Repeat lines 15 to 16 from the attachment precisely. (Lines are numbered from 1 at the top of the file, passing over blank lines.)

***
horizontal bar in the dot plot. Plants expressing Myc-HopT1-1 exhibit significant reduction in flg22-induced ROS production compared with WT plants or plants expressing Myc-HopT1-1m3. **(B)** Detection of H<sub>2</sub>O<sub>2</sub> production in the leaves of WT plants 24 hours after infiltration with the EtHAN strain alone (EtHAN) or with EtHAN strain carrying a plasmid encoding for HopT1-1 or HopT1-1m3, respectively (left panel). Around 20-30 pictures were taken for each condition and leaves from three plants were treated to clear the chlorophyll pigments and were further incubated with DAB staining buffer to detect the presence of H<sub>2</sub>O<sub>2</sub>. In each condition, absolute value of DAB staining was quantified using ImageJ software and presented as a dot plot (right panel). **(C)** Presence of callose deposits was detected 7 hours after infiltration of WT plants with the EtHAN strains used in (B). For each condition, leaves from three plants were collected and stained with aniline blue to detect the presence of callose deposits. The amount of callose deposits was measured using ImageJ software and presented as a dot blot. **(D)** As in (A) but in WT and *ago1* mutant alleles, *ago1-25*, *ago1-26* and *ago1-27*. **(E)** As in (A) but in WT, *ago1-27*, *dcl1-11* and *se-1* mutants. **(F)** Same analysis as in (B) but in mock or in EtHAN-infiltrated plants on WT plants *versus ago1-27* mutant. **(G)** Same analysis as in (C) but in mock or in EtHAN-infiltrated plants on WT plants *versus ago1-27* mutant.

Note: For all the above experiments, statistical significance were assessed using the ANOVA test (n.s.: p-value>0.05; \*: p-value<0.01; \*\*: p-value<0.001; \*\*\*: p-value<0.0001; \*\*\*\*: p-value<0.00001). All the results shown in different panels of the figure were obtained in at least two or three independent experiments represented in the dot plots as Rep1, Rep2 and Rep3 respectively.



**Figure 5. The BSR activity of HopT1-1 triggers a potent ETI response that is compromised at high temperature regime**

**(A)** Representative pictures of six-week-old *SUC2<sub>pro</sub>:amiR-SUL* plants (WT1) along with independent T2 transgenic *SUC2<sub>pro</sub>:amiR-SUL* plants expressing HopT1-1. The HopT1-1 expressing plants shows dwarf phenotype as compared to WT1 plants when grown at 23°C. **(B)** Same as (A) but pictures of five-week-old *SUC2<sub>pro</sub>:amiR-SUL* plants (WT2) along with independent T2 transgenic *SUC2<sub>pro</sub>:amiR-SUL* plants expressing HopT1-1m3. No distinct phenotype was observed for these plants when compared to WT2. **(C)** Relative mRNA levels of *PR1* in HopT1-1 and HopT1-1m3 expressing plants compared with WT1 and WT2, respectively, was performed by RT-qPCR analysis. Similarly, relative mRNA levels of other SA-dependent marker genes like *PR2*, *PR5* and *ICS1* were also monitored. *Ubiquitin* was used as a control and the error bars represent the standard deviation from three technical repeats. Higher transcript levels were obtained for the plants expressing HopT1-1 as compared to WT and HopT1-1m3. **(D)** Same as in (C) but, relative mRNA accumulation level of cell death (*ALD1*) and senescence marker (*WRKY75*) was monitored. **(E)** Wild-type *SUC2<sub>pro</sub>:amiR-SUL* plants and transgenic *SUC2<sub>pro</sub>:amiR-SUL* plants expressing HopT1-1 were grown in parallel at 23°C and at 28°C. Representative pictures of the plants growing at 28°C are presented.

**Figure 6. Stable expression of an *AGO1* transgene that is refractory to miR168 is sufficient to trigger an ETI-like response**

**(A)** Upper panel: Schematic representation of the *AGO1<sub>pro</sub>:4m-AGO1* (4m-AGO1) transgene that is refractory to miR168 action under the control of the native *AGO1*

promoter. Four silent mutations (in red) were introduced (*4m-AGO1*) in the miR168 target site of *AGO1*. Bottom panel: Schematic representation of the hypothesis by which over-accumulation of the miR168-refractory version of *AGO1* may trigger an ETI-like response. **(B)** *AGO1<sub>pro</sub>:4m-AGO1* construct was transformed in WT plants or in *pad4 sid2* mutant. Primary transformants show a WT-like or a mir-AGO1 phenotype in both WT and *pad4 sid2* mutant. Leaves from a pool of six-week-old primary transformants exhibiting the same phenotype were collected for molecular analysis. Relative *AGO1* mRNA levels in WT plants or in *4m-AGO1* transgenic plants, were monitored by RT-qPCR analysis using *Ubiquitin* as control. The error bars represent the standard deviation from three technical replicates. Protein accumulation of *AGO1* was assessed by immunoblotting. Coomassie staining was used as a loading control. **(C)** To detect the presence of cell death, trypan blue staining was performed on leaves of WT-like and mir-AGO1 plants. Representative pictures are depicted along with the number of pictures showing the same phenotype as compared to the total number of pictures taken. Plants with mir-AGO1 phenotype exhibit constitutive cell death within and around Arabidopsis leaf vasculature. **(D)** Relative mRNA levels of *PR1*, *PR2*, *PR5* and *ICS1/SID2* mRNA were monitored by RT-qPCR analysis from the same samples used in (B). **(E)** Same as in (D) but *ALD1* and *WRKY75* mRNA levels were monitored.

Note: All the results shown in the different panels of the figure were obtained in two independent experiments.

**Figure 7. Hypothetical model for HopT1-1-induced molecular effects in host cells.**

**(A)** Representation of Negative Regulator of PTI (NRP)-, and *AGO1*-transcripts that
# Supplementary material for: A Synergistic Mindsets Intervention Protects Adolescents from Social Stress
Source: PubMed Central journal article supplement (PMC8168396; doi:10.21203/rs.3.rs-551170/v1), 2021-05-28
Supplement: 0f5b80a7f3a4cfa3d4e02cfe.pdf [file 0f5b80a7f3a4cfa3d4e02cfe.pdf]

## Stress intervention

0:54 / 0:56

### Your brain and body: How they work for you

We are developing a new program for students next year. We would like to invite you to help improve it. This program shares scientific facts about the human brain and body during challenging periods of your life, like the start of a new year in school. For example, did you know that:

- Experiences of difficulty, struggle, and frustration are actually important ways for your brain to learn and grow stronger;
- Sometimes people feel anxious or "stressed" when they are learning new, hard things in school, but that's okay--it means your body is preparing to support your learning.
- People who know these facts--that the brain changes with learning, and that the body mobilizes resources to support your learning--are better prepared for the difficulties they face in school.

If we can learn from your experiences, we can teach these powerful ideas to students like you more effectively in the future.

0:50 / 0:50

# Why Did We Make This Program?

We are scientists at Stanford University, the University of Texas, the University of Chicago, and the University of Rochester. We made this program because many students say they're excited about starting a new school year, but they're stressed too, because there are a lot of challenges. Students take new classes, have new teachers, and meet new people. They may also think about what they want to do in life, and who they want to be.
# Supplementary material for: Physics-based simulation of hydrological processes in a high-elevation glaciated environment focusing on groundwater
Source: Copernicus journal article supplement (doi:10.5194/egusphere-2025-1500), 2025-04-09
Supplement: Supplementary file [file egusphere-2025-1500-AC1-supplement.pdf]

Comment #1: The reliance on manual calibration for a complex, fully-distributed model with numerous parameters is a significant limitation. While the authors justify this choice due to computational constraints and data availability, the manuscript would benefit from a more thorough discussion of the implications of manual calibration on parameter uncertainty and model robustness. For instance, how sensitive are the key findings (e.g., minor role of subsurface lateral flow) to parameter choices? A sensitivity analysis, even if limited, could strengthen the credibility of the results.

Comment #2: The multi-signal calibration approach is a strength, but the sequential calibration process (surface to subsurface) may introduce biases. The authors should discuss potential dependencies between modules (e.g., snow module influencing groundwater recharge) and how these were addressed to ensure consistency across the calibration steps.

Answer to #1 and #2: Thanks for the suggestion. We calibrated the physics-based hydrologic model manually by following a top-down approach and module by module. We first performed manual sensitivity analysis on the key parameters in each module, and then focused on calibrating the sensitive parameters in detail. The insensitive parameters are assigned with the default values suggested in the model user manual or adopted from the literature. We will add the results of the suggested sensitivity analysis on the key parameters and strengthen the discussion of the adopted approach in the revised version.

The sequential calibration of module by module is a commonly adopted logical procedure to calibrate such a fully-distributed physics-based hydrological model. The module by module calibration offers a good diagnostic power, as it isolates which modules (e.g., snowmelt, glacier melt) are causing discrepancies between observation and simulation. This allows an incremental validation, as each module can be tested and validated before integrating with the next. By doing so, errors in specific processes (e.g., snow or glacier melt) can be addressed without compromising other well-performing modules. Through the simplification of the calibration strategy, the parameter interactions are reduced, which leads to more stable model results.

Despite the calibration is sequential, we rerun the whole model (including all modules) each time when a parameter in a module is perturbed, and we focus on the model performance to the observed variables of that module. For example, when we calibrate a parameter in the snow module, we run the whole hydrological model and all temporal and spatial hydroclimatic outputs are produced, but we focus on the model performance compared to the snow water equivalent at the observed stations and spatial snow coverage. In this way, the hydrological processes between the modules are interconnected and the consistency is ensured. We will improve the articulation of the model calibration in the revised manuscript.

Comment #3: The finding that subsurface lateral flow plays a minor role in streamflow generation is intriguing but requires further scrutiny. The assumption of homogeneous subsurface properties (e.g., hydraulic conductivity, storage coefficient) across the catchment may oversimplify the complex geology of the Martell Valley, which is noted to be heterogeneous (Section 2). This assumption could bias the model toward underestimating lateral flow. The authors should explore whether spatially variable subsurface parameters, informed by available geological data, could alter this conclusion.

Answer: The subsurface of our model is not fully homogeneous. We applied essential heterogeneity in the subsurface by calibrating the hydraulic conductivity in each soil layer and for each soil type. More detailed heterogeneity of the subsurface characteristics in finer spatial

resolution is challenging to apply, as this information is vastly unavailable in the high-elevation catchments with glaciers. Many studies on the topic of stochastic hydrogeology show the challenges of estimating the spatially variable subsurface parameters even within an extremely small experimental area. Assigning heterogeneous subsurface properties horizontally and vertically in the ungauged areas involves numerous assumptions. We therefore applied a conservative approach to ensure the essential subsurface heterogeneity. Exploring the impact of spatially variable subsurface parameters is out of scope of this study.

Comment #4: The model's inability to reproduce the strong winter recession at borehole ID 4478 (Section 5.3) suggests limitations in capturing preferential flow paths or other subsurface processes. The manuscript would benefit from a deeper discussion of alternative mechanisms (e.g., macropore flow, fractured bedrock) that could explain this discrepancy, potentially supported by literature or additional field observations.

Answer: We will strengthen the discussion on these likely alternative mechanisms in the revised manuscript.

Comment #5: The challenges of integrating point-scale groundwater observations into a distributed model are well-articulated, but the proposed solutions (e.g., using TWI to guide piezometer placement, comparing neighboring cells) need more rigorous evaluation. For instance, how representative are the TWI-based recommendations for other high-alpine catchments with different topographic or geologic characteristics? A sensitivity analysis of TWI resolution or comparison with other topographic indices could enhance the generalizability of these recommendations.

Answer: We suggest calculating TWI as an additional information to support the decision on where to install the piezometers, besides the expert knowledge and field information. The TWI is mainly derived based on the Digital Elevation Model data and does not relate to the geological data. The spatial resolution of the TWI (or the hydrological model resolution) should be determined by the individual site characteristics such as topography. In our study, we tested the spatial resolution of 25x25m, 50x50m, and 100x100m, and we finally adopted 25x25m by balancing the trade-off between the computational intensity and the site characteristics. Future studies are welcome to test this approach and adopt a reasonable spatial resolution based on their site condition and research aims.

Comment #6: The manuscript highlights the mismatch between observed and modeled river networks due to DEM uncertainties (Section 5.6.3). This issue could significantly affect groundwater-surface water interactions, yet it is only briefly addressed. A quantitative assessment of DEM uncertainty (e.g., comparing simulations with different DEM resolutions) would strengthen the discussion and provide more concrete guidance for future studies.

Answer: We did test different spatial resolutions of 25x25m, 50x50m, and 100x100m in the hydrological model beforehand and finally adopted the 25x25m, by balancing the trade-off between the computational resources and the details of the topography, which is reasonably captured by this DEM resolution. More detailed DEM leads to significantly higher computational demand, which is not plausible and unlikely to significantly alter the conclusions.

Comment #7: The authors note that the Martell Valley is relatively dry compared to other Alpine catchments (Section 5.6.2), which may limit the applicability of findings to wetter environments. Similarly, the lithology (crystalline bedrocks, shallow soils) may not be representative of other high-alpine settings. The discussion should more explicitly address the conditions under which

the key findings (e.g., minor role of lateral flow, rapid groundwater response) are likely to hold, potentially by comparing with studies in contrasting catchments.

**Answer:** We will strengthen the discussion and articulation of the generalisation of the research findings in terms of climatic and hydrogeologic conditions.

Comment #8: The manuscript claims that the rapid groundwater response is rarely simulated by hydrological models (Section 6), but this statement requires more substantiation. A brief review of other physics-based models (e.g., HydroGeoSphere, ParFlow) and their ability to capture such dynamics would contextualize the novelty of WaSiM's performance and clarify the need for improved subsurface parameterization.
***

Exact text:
0:54 / 0:56

### Your brain and body: How they work for you